Framing the Dialogue

Posts Tagged ‘harvard’

Dueling Dershowitz

It is rare that I find myself rooting for someone like Alan Dershowitz.  His is a liberal that I have rather disliked for many years.  I really should not say that I dislike him, but I typically dislike his left views, but lately he has been standing up for what is right (not conservative, but right) and has been criticized for it.  I sense that Mr. Dershowitz is an old fashioned liberal.  He is someone that a conservative would disagree with, argue with, debate with, get exasperated with, but at the end of the day you could find some common ground with and accomplish something.

Underlying Social Contract

“You built a factory out there? Good for you. But I want to be clear: you moved your goods to market on the roads the rest of us paid for; you hired workers the rest of us paid to educate; you were safe in your factory because of police forces and fire forces that the rest of us paid for. You didn’t have to worry that marauding bands would come and seize everything at your factory, and hire someone to protect against this, because of the work the rest of us did. Now look, you built a factory and it turned into something terrific, or a great idea? God bless. Keep a big hunk of it. But part of the underlying social contract is you take a hunk of that and pay forward for the next kid who comes along.”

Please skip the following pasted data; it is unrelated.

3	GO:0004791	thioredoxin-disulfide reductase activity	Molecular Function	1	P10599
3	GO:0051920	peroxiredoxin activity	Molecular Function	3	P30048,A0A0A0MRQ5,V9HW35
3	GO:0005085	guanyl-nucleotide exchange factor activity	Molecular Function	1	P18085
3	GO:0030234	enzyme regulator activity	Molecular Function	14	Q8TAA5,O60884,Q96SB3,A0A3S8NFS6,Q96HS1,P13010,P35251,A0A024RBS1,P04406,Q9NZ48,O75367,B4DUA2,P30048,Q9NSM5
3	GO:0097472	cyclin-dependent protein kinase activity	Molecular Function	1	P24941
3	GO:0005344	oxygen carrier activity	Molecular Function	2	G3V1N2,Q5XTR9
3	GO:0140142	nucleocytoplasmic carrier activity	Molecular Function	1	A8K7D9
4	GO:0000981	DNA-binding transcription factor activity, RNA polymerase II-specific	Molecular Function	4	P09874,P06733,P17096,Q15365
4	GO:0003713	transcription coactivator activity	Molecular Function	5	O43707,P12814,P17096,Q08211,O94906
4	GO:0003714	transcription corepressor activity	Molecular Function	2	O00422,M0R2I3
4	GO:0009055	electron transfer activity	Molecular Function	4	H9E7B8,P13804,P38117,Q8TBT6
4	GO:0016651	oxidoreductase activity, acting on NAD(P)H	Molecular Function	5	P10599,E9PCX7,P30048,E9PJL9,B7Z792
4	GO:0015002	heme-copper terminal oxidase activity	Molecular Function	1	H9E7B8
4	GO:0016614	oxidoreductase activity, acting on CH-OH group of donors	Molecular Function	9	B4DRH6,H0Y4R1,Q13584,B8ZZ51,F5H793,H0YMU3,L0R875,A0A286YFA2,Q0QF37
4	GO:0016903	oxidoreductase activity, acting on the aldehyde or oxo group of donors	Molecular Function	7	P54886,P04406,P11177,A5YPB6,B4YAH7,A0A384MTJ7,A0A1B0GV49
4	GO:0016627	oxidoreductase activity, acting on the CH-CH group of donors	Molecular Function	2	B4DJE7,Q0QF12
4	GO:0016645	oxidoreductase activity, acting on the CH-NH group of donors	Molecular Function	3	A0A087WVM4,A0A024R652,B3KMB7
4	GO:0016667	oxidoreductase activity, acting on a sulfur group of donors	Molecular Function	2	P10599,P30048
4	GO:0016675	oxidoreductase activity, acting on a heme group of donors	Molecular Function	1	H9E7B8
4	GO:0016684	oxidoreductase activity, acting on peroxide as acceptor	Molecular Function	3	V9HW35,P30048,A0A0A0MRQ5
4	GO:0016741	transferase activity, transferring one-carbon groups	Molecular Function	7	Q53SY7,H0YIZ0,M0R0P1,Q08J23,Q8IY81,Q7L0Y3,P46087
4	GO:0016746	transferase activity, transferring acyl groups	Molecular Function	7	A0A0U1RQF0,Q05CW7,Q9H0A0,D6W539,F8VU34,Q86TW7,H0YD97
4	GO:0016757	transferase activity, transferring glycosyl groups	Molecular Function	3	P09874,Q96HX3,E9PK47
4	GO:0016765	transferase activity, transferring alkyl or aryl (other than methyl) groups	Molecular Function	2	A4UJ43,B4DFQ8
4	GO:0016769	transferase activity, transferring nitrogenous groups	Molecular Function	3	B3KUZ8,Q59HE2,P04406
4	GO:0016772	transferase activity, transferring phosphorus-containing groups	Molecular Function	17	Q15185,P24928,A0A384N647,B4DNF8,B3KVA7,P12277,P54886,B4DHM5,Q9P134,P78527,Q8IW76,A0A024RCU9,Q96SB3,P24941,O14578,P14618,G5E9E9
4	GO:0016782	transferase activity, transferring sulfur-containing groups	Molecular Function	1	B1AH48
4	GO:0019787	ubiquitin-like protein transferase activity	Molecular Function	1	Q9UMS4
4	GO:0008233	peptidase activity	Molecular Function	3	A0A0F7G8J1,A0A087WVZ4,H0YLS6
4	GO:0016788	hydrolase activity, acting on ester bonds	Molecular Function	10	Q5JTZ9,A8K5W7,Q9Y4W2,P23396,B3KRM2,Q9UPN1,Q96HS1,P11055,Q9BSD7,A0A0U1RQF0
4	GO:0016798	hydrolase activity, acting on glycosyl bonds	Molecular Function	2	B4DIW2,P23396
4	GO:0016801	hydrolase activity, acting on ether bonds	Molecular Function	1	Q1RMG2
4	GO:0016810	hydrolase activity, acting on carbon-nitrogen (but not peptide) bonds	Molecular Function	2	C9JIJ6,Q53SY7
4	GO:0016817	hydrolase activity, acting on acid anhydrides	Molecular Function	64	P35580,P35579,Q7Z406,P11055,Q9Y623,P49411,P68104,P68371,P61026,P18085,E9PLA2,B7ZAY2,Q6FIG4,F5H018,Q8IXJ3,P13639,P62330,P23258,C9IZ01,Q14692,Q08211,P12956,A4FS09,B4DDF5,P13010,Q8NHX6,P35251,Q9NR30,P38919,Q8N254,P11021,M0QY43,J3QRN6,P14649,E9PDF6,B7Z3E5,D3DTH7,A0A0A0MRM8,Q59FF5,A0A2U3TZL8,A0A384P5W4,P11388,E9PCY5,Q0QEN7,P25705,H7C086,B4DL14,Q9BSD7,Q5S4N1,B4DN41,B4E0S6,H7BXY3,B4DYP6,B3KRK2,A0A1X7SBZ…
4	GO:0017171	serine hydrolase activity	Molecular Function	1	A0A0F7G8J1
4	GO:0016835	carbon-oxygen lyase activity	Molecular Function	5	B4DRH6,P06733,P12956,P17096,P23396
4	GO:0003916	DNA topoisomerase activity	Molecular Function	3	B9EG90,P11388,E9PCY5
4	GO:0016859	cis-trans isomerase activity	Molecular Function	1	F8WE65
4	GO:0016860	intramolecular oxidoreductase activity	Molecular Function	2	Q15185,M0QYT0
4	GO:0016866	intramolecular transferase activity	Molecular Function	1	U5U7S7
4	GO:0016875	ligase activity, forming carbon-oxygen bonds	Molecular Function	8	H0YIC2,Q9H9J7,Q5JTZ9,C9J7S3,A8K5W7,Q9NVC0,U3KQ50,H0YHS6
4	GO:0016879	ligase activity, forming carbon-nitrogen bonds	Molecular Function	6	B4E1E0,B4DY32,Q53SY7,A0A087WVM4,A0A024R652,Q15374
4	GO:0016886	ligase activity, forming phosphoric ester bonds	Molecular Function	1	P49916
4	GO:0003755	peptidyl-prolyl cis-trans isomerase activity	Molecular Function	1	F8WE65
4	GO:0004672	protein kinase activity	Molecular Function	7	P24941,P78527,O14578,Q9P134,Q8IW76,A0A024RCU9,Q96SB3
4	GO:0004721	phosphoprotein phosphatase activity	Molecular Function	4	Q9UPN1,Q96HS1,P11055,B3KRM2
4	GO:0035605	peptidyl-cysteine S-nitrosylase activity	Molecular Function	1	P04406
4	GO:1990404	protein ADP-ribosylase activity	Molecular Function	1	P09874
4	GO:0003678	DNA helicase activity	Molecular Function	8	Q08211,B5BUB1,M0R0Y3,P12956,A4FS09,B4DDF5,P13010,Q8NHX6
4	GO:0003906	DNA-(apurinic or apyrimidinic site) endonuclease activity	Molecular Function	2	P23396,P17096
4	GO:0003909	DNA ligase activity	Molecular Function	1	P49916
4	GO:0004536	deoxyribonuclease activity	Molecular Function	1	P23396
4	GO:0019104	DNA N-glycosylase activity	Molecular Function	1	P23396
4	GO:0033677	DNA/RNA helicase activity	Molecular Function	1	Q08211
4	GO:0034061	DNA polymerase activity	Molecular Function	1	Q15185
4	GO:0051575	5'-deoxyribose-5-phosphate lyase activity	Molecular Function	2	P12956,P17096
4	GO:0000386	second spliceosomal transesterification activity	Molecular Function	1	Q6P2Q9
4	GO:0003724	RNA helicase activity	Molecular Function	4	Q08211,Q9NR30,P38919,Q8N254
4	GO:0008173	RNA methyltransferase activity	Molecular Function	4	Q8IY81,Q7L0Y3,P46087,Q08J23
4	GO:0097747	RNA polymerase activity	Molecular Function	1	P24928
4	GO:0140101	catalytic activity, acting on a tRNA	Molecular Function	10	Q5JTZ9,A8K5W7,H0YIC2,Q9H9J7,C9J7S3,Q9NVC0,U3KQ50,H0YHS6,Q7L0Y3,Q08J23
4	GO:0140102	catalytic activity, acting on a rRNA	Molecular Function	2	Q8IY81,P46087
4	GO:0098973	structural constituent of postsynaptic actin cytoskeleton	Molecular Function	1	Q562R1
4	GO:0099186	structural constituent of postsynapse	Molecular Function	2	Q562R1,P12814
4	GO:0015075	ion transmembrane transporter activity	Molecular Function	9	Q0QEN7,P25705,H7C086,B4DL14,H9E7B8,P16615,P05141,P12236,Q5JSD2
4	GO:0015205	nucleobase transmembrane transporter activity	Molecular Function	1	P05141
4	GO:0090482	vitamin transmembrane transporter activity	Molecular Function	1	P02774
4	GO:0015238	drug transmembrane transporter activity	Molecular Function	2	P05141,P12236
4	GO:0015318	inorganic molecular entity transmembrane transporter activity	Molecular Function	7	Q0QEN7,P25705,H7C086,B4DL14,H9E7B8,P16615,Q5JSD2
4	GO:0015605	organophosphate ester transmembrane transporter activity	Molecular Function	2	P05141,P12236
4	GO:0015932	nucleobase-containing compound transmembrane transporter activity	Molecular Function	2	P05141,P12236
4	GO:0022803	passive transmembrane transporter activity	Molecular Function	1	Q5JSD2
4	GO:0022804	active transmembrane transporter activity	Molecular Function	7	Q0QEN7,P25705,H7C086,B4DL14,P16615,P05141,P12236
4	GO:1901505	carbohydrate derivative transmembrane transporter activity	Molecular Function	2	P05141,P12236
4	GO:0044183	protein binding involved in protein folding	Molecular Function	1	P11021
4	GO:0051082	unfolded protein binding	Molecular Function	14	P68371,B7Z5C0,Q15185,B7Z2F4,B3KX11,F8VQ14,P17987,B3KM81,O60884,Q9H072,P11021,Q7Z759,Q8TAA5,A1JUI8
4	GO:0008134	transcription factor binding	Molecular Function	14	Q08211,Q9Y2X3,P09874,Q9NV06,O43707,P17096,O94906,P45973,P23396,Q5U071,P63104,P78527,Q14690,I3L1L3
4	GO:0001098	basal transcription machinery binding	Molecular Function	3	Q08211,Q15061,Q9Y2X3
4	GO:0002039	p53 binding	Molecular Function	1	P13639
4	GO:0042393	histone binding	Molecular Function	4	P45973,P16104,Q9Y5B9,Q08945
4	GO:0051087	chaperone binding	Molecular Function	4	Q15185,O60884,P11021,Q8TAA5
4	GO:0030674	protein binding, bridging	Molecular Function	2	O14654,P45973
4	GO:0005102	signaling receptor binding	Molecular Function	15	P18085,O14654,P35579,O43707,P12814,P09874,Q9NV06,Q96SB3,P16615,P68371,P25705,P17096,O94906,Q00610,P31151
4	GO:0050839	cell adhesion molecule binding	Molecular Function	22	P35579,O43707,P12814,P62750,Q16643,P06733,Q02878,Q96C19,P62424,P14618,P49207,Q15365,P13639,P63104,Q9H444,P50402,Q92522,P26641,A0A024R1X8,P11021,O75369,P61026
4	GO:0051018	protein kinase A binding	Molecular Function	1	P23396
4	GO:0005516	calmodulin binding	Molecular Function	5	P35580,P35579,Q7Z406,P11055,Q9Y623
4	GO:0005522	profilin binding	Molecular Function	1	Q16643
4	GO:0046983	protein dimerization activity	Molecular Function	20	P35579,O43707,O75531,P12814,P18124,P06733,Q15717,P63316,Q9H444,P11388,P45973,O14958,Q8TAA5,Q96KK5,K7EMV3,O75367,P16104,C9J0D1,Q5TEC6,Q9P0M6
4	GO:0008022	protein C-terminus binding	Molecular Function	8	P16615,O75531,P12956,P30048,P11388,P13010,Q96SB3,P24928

Wyatt’s Torch

Part of my morning drive took me along a country road that would along a stream.  Homes were scattered along the road in pockets and shaded by rather large sycamore trees.  One drive home this spring as I approached this curvy stretch I heard a very loud blowing sound.  I had been traveling this way for months and had never noticed it before and wondered if it had always been there and I never noticed it because my car windows had been shut during the winter commutes.

Viva La Difference

Is there a difference between men and women?  Boys and girls?  I am not a degreed sociologist; I am just a parent who has raised some of each.  There is a difference.  One gender is not better than the other; they are just different.

It is, however, politically incorrect to say that boys and girls are different and many have found themselves in trouble for making such statements.  The most famous case that garnered national attention involved the President of Harvard University.  Larry Summers was speaking at a symposium titled Diversifying the Science and Engineering Workforce: Women, Underrepresented Minorities, and their S. & E. Careers.